Steve Price:

Nick, I’d love that job of going around and speaking to the great farmers of Australia and saying, mate, I reckon you’re going to be impacted here. Here’s $40,000 and don’t forget you can get $8,000 per kilometre if these lines go through your property. Good on you, mate. Then you can stay at the local pub, mix with the farmers overnight, go on to the next area. I’d put my hand up for that job.

 

Nick Cater:

Yeah. You know my impression, Steve, you know, travelling around the country, places like New England and Victoria, I think very few farmers are going to take it at $40,000. I mean, it is a permanent impost on the land. There’s no guarantee what happens to that land afterwards. There’s a danger, of course, from bushfires if those things collapse and the community feeling roundabout is so strong. I don’t know that there’d be too many farmers keen to take the money. I could be wrong, but it just goes to show this thing is a whole lot more expensive than Chris Bowen ever told us. Not that he ever gave us a proper costing. And we’re going to be paying for this, you know, from now to Kingdom come on our electricity bills.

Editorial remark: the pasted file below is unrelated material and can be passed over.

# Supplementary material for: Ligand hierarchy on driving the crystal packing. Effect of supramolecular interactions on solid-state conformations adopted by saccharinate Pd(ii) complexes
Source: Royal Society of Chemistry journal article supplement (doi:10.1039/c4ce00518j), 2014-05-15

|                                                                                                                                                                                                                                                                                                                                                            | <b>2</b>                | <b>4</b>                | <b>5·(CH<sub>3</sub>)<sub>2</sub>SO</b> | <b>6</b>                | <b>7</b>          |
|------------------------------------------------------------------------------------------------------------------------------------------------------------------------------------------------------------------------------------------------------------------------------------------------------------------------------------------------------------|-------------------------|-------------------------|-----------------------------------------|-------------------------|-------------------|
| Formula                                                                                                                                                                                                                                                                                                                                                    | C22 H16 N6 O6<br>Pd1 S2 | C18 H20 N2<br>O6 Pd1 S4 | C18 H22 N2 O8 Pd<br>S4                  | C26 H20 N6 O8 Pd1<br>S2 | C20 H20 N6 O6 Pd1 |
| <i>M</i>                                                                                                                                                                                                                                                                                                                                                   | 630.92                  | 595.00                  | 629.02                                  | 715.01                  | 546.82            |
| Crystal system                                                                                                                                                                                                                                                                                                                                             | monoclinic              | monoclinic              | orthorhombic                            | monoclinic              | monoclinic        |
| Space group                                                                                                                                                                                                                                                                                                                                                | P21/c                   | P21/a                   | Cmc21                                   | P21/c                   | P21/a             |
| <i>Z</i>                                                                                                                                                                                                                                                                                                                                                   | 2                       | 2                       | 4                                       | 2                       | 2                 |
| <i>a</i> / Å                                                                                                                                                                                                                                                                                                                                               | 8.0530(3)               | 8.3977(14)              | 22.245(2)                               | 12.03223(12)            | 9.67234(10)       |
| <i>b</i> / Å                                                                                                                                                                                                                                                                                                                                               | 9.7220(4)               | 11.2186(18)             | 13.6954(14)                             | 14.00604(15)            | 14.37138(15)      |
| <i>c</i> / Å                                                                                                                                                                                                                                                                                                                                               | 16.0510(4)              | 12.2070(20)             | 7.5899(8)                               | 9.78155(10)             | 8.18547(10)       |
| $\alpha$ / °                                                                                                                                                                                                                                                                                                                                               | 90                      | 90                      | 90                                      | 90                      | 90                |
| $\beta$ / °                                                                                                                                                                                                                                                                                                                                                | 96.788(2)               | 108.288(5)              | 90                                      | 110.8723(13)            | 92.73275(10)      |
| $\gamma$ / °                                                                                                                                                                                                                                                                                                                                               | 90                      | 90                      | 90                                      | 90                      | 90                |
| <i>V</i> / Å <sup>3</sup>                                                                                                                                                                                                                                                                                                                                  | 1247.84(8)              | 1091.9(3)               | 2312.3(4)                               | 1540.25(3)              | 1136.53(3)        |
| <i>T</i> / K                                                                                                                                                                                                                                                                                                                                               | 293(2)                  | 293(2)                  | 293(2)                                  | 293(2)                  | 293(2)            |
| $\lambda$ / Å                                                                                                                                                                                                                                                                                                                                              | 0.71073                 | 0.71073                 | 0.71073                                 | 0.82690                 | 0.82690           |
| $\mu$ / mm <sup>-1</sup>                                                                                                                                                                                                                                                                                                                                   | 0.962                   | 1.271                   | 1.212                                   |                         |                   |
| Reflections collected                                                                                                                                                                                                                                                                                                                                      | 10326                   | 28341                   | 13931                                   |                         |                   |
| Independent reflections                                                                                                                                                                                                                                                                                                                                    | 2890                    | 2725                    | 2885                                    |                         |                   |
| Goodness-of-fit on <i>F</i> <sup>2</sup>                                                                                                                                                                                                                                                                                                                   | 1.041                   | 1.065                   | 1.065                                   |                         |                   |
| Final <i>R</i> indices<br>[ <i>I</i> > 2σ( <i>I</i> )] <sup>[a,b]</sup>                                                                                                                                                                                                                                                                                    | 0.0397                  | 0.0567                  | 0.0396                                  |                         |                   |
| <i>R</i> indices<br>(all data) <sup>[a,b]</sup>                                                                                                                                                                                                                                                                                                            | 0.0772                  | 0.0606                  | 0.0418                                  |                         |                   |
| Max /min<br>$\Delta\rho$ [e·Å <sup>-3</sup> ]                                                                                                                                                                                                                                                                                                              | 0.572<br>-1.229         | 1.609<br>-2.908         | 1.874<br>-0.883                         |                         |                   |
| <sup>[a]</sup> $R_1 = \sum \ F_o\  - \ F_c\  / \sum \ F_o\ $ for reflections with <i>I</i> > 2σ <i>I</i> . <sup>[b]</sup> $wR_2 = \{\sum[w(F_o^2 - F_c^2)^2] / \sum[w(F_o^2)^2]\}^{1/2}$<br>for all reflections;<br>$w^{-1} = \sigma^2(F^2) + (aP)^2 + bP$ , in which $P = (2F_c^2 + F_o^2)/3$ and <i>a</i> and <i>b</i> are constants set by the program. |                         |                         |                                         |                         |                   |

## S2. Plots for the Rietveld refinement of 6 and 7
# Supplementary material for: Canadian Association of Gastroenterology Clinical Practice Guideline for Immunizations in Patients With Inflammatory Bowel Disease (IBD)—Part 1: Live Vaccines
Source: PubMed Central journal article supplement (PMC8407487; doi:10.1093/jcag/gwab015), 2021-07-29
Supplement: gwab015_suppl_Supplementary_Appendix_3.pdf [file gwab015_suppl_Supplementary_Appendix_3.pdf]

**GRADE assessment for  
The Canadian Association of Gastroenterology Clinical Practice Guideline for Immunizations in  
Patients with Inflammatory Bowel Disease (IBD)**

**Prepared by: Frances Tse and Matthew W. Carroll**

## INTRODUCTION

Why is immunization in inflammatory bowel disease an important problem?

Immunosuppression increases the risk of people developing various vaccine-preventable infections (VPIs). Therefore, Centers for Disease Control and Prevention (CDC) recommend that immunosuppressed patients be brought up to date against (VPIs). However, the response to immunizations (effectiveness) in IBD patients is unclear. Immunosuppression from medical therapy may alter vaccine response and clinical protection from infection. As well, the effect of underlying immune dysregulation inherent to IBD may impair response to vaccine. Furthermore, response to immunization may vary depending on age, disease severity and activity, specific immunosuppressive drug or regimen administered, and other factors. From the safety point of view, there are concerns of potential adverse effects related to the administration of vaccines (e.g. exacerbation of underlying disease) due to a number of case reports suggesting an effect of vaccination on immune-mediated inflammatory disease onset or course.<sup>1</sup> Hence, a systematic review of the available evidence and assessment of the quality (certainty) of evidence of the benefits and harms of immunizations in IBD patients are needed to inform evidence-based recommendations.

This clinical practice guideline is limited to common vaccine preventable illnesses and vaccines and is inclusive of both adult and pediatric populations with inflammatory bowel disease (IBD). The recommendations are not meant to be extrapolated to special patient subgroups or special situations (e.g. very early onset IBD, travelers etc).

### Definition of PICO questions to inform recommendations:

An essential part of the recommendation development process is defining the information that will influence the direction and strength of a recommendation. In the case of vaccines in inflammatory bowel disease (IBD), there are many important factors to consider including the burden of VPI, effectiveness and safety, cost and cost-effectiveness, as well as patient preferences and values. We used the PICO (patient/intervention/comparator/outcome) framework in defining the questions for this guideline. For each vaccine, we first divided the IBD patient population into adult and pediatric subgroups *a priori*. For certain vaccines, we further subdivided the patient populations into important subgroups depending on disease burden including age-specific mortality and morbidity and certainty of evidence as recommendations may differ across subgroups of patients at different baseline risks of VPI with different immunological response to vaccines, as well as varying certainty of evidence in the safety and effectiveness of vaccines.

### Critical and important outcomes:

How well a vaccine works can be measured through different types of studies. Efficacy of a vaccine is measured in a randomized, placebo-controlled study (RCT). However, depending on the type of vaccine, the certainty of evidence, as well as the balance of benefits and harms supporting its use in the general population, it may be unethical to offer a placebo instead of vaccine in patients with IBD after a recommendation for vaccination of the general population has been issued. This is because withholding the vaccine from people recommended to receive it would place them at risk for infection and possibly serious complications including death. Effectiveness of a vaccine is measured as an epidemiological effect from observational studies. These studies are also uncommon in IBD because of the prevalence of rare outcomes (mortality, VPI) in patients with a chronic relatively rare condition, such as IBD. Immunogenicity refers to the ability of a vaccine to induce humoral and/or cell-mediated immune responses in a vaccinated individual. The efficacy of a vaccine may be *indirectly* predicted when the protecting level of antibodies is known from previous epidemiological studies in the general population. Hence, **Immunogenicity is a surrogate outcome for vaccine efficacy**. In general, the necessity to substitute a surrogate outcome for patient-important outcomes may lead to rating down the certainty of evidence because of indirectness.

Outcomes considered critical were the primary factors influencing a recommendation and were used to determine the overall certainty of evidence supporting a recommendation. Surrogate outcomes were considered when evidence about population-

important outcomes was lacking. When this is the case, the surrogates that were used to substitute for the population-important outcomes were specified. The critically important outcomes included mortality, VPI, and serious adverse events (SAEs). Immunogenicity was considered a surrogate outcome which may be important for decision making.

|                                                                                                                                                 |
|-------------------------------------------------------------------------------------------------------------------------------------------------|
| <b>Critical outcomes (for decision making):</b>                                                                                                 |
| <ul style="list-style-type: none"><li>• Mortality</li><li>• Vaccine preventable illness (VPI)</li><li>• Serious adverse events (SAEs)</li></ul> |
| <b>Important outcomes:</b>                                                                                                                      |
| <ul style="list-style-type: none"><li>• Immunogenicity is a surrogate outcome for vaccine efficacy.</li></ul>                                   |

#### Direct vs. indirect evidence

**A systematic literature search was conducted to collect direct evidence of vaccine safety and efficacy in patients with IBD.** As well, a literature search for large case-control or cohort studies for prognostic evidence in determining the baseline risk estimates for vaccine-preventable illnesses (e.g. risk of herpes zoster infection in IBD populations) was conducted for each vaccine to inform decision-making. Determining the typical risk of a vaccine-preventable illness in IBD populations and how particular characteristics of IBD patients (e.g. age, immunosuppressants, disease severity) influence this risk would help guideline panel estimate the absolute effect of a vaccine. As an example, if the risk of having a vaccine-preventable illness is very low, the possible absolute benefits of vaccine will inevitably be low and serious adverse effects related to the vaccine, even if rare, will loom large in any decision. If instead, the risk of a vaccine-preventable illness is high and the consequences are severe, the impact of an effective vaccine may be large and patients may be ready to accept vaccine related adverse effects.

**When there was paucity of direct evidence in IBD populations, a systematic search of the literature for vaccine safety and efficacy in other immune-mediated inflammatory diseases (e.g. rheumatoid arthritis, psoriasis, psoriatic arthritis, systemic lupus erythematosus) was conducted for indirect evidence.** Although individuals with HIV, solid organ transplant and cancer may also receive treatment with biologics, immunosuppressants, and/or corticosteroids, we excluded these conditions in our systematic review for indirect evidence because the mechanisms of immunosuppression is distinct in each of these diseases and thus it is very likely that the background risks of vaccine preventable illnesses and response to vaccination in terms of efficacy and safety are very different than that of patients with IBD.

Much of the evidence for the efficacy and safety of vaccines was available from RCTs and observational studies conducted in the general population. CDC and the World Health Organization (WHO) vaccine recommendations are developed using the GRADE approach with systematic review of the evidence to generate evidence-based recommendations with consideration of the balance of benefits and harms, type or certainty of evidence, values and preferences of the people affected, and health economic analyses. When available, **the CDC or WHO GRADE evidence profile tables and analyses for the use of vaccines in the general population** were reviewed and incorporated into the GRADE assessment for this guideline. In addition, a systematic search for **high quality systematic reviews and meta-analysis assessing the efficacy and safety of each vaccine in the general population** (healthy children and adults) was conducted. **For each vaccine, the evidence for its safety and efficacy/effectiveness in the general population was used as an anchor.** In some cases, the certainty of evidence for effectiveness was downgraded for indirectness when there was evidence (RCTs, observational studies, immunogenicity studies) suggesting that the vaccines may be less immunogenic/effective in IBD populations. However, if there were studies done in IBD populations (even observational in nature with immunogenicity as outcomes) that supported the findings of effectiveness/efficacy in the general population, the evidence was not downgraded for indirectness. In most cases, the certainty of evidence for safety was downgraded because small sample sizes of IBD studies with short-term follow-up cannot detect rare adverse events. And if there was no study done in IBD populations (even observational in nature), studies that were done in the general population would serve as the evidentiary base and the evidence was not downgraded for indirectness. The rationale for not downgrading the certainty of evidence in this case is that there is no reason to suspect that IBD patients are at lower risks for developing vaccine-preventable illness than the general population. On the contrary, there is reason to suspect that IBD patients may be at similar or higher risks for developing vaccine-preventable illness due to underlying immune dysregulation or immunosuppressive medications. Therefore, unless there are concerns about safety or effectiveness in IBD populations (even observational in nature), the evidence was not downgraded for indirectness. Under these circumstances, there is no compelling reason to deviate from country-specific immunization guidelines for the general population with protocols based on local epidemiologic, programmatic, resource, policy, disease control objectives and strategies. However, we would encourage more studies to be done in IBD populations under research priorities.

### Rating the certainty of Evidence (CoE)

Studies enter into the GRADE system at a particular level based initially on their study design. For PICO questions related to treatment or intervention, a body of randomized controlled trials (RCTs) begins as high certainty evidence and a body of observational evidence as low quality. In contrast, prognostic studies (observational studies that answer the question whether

Steve Price:

You’re worried you’re in a country with nuclear power, powering the thing that’s charging your phone? Are you concerned that you’re going to somehow get contaminated, Nick, while you’re there?

 

Nick Cater:

No, not at all. I should tell you if I could turn the camera, I could point to it. Just off there’s the sea over there and just off in the horizon is, I can see, two dozen wind turbines in the water. Great big things, great eyesore on the horizon there. Not one of them is turning. So how are they getting their electricity here in Britain? I don’t know. But look, I don’t think people are really concerned about nuclear power in the way they once were and right across Europe now it’s seen as the way forward if we have to get to that net zero goal.